Unless you’ve been living under a rock or just don’t like horror movies, then you probably already know the name “Annabelle” and more or less what that name represents. If you only have a tangential knowledge of the “Conjuring-verse,” than you might see these spin-offs as blatant money grab. In fact, each of the Annabelle movies have added something new to the mythos and Annabelle Comes Home is no exception.
David Sandberg’s Annabelle: Creation was always going to be a hard act to follow, but screenwriter Gary Dauberman steps up to the director’s plate with the benefit of having Vera Farmiga and Patrick Wilson’s Lorraine and Ed Warren back in the mix. The Warrens are merely there for a framing sequence but not so much during the main body of the story, so it’s a little bit of a tease, but the movie does open with them retrieving the Annabelle doll from a group of nurses, putting the doll in a glass case as the basis for what will become their supernatural artifact room.
Many years later, the Warrens have a ten-year-old daughter Judy (McKenna Grace from Captain Marvel) who is constantly behind with babysitter Mary Ellen (Madison Iseman) while her parents are off on a supernatural case. On one such occasion, Mary Ellen’s friend Daniela (Katie Sarife) comes over with the sole intention of poking around the Warren creepy house. One thing leads to another and Daniela leaves Annabelle’s case open.
That last paragraph is the basic set-up for the movie which will focus on Judy and three teenagers alone in the Warren house as Annabelle begins attracting all sorts of evil supernatural forces. In the opening sequence, we learn that Annabelle is not a possessed doll persé as some might assume as much as she is a magnet for similarly malevolent spirits. We will meet many of them over the course of this night. There’s spirits like the Ferryman, clearly inspired by the Greek mythology of Charon and the fare he charges to get across the river Styx, as well as a ghostly werewolf and a few others, all distinct from previous spirits in the series.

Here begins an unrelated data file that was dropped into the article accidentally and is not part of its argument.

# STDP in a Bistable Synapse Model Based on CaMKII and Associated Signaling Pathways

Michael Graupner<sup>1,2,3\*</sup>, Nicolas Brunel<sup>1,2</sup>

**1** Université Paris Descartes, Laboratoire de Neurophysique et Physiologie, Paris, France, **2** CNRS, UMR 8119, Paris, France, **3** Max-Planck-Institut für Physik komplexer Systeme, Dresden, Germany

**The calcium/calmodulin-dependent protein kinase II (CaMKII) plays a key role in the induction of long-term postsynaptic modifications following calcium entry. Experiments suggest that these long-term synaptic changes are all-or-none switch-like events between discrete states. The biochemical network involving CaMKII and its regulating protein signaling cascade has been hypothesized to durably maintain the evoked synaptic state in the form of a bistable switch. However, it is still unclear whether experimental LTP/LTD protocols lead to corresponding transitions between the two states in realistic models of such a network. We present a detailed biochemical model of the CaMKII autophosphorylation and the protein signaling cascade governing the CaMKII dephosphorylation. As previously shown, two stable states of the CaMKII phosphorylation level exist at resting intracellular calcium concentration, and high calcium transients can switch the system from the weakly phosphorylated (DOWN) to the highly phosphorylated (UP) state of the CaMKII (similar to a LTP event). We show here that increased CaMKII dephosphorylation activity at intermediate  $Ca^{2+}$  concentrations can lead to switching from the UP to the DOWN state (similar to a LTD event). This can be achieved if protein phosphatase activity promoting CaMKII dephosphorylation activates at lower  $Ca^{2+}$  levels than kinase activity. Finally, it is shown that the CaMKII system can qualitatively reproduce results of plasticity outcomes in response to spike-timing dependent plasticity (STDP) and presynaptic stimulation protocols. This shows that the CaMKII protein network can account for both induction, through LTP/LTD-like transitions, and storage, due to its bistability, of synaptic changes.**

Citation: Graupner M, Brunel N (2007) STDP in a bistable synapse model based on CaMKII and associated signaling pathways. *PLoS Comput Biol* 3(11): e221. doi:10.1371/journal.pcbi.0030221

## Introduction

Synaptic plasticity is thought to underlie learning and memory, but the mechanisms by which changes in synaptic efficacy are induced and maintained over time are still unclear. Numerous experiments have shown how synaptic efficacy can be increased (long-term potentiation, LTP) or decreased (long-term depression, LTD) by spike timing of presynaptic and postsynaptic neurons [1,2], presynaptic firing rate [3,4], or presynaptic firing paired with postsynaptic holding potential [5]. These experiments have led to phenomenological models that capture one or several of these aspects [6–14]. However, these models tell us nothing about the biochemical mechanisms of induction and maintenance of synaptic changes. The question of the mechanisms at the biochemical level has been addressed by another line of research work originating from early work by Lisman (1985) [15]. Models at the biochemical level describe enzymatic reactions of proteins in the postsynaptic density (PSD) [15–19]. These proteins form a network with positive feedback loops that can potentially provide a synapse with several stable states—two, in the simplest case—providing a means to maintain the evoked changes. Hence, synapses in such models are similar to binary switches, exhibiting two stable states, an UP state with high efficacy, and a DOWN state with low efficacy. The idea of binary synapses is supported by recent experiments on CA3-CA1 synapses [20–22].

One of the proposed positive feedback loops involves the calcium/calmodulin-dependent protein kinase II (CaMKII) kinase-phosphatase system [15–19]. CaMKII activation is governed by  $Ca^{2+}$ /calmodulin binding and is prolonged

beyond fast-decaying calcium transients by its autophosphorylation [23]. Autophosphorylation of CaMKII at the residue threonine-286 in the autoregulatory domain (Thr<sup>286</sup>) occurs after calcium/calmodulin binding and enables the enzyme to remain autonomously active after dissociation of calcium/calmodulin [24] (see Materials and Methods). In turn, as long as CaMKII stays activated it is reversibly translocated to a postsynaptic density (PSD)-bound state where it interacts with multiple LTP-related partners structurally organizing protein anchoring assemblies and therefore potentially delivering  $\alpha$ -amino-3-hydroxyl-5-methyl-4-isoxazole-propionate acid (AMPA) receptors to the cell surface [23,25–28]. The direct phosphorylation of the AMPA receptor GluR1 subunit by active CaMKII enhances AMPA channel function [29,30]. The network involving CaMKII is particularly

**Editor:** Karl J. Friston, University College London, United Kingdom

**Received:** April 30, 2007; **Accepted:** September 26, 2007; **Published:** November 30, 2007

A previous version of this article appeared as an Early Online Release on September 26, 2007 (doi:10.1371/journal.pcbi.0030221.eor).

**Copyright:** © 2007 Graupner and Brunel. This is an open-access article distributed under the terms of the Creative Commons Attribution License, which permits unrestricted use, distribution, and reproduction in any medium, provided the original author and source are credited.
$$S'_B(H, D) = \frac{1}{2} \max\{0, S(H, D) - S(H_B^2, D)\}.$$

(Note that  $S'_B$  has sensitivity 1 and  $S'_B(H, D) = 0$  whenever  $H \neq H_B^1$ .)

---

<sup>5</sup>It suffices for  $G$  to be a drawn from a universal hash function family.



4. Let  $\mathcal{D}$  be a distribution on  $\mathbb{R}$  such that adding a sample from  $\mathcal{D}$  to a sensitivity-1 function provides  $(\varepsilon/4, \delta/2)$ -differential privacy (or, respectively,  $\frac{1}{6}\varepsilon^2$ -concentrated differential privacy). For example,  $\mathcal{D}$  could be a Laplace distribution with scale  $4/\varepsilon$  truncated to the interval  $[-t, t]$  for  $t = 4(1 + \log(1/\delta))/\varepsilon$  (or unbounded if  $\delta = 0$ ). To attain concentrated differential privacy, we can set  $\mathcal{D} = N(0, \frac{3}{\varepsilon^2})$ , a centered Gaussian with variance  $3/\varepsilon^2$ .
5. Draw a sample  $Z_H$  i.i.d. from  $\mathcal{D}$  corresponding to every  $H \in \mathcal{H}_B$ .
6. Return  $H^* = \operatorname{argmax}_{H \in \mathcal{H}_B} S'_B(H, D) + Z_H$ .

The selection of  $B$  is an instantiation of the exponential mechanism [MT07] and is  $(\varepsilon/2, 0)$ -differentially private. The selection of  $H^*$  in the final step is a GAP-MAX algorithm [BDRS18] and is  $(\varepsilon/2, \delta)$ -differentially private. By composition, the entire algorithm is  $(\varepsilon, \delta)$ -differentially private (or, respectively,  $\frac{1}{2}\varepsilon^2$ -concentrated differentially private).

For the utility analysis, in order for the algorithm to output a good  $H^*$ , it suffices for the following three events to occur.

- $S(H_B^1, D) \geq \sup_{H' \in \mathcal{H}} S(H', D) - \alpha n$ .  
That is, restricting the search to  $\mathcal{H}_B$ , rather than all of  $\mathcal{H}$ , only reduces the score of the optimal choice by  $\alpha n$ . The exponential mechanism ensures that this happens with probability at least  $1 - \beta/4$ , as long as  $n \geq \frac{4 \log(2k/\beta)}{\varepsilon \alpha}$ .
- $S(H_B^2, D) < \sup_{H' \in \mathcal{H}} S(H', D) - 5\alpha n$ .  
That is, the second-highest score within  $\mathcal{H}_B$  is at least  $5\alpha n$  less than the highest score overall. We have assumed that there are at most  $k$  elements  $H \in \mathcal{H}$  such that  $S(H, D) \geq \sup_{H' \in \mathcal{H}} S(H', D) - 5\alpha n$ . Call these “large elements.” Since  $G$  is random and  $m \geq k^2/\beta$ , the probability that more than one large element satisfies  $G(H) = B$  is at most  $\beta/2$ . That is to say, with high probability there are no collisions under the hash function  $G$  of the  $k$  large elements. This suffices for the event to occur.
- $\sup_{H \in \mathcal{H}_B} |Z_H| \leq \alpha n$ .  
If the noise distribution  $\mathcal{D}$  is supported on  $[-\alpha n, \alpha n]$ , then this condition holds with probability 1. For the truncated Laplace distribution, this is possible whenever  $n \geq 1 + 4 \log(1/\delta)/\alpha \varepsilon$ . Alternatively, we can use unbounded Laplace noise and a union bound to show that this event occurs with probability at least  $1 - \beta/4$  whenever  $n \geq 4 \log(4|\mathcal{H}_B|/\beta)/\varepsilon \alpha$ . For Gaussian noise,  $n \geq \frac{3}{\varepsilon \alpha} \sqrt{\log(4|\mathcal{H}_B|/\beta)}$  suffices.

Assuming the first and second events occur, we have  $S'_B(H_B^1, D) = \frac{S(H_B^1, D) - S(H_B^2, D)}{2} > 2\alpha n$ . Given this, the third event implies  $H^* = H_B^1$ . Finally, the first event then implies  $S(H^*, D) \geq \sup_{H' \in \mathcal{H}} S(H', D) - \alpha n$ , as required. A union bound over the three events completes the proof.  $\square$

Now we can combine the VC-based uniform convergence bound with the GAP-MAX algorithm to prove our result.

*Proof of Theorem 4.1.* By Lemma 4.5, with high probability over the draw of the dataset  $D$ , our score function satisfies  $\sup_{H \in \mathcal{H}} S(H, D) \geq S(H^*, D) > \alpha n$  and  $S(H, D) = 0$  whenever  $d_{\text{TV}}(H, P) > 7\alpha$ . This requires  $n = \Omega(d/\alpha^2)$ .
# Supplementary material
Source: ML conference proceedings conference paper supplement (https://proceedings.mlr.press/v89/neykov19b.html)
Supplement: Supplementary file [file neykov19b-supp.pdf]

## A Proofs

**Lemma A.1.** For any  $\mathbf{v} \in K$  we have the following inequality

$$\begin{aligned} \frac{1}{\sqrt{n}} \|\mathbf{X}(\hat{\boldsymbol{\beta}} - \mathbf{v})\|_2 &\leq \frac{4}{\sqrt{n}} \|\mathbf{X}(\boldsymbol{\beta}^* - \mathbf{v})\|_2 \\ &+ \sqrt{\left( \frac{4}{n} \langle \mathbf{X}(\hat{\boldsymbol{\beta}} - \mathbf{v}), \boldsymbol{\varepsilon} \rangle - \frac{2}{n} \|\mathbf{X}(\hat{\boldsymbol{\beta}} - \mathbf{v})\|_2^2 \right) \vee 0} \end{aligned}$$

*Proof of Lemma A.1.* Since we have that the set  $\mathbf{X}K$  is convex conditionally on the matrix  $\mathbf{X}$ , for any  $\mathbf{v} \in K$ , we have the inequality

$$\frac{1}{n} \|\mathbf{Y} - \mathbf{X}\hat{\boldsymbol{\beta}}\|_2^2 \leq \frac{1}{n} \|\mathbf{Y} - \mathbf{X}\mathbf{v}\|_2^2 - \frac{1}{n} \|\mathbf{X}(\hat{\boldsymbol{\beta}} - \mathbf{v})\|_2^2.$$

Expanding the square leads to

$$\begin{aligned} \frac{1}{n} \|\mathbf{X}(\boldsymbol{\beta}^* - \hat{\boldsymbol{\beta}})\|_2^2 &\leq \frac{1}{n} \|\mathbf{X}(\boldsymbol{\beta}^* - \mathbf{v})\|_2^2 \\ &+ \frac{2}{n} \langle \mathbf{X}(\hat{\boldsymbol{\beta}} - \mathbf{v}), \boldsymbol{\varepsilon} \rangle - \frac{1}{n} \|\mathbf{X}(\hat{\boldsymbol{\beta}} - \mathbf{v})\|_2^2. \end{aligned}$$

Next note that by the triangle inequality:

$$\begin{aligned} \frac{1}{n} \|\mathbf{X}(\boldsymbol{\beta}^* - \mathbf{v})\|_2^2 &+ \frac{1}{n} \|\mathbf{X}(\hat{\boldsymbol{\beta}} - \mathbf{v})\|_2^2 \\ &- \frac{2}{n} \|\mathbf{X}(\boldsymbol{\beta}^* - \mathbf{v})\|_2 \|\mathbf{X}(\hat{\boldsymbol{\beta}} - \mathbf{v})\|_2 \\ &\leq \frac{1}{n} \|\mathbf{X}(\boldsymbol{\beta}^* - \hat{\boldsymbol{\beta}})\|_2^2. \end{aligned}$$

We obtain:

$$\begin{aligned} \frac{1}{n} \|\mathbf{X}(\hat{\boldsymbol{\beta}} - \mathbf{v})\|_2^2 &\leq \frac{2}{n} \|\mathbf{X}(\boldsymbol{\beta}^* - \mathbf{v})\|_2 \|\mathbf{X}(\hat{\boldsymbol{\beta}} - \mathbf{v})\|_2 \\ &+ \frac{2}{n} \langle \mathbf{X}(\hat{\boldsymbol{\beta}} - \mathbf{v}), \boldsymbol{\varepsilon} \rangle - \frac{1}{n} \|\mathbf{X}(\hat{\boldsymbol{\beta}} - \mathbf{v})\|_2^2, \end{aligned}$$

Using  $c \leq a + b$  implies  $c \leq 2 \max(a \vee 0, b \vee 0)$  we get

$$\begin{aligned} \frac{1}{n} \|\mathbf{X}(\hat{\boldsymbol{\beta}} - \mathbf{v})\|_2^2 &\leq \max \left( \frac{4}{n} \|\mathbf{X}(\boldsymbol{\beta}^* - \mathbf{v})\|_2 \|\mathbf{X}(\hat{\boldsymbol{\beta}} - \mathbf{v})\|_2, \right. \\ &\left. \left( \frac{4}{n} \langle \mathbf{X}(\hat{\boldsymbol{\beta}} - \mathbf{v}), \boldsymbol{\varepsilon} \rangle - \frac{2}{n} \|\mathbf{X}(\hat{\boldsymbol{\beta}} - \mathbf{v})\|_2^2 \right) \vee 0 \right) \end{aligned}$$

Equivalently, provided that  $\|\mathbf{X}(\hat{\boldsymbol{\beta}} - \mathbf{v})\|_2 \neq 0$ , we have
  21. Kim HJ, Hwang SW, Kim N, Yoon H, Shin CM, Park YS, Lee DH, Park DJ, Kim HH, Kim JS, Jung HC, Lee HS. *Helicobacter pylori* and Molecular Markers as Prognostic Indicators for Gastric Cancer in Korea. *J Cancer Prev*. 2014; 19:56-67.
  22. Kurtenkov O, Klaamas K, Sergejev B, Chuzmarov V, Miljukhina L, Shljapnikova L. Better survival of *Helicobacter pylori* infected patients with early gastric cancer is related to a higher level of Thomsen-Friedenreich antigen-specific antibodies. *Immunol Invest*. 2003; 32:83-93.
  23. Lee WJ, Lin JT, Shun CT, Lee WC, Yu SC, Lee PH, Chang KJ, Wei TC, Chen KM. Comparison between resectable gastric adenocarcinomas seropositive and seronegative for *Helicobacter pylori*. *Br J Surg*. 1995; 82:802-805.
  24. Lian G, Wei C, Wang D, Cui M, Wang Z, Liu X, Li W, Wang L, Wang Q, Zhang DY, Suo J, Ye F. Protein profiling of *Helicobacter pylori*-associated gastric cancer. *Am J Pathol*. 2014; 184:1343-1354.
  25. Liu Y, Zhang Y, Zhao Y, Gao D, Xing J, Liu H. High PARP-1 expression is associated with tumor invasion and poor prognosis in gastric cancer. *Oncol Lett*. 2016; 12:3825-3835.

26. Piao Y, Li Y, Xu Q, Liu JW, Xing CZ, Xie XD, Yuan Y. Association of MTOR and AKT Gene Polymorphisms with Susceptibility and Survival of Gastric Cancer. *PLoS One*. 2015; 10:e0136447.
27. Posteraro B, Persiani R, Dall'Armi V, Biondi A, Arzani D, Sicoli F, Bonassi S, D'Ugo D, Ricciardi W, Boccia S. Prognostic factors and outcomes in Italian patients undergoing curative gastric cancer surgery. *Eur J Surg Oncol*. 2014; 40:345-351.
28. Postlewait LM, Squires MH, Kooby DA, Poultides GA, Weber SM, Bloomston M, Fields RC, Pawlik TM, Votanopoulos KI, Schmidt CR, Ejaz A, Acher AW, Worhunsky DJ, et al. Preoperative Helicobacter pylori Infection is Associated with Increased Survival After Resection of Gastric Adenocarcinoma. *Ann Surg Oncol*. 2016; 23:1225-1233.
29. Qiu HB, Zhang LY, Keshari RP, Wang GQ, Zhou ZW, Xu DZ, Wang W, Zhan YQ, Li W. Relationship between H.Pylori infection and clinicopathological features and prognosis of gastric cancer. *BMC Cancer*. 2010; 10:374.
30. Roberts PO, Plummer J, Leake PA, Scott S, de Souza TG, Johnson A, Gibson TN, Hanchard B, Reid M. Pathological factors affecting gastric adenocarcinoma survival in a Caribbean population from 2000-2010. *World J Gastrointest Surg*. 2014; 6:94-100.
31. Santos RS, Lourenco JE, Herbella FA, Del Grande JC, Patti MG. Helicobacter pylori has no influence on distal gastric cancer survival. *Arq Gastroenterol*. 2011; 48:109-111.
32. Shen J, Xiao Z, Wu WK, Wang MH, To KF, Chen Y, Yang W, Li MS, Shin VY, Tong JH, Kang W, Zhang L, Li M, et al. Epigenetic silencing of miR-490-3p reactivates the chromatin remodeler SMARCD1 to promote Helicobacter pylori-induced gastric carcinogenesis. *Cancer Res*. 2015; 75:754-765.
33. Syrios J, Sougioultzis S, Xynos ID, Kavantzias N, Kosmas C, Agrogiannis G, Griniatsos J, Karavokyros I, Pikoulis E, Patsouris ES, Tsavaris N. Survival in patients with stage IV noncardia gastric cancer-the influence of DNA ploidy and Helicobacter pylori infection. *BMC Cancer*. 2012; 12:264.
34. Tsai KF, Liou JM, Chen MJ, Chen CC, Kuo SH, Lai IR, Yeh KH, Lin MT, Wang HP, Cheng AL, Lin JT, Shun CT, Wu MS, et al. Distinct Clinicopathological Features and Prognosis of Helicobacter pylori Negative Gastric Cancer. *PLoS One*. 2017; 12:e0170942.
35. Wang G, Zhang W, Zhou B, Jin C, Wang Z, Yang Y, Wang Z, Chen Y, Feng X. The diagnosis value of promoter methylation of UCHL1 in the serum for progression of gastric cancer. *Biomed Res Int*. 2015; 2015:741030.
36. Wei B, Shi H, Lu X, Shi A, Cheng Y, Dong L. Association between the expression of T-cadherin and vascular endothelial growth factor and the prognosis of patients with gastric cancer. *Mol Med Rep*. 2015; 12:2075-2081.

That’s a pretty strong basis for a horror movie, and Annabelle Comes Home isn’t bad, although it hardly feels original when most of the movie involves teenagers being threatened by ghosts, something we’ve seen so many times before.
McKenna Grace is probably the strongest of the young cast once Farmiga and Wilson are off doing whatever the Warrens happen to be up to while the craziness Annabelle has wrought upon their home is taking place, though none of them are able to sell the scares as previous actors we’ve seen in these movies.
The problem is that those who loved the Conjuring movies for Farmiga and Wilson are likely to be disappointed by how little they’re involved in the story and the latest group of teenagers aren’t enough to fill that void.
What constantly amazes me about these movies — and Dauberman ably picks up that ball and runs with it — is how the franchise still finds new ways to scare and freak you out. Maybe this movie isn’t nearly as scary or creepy as Creation, but there are still some cool ghost FX that don’t seem like direct rip-offs of things we’ve already seen before. Considering that this is really the sixth movie in the franchise, that’s pretty impressive.
Unfortunately, there also doesn’t seem to be very high stakes in this one, because you never really feel as if any of the four kids are in any real danger, which wasn’t the case with Creation. In that movie — whose director would go onto direct the excellent Shazam! movie — the kids were tortured so ferociously you never thought any of them were ever really safe.
Despite being a perfectly fine addition to the series, Annabelle Comes Home is just not as inventive or creepy or even scary as some of the other Conjuring films. Still, if you’re a fan of these movies, there’s enough new ideas to keep you invested in this outshoot of the Warrens’ world and get you excited for next year’s inevitable The Conjuring 3.
RELATED: Interview with Writer/Director Gary Dauberman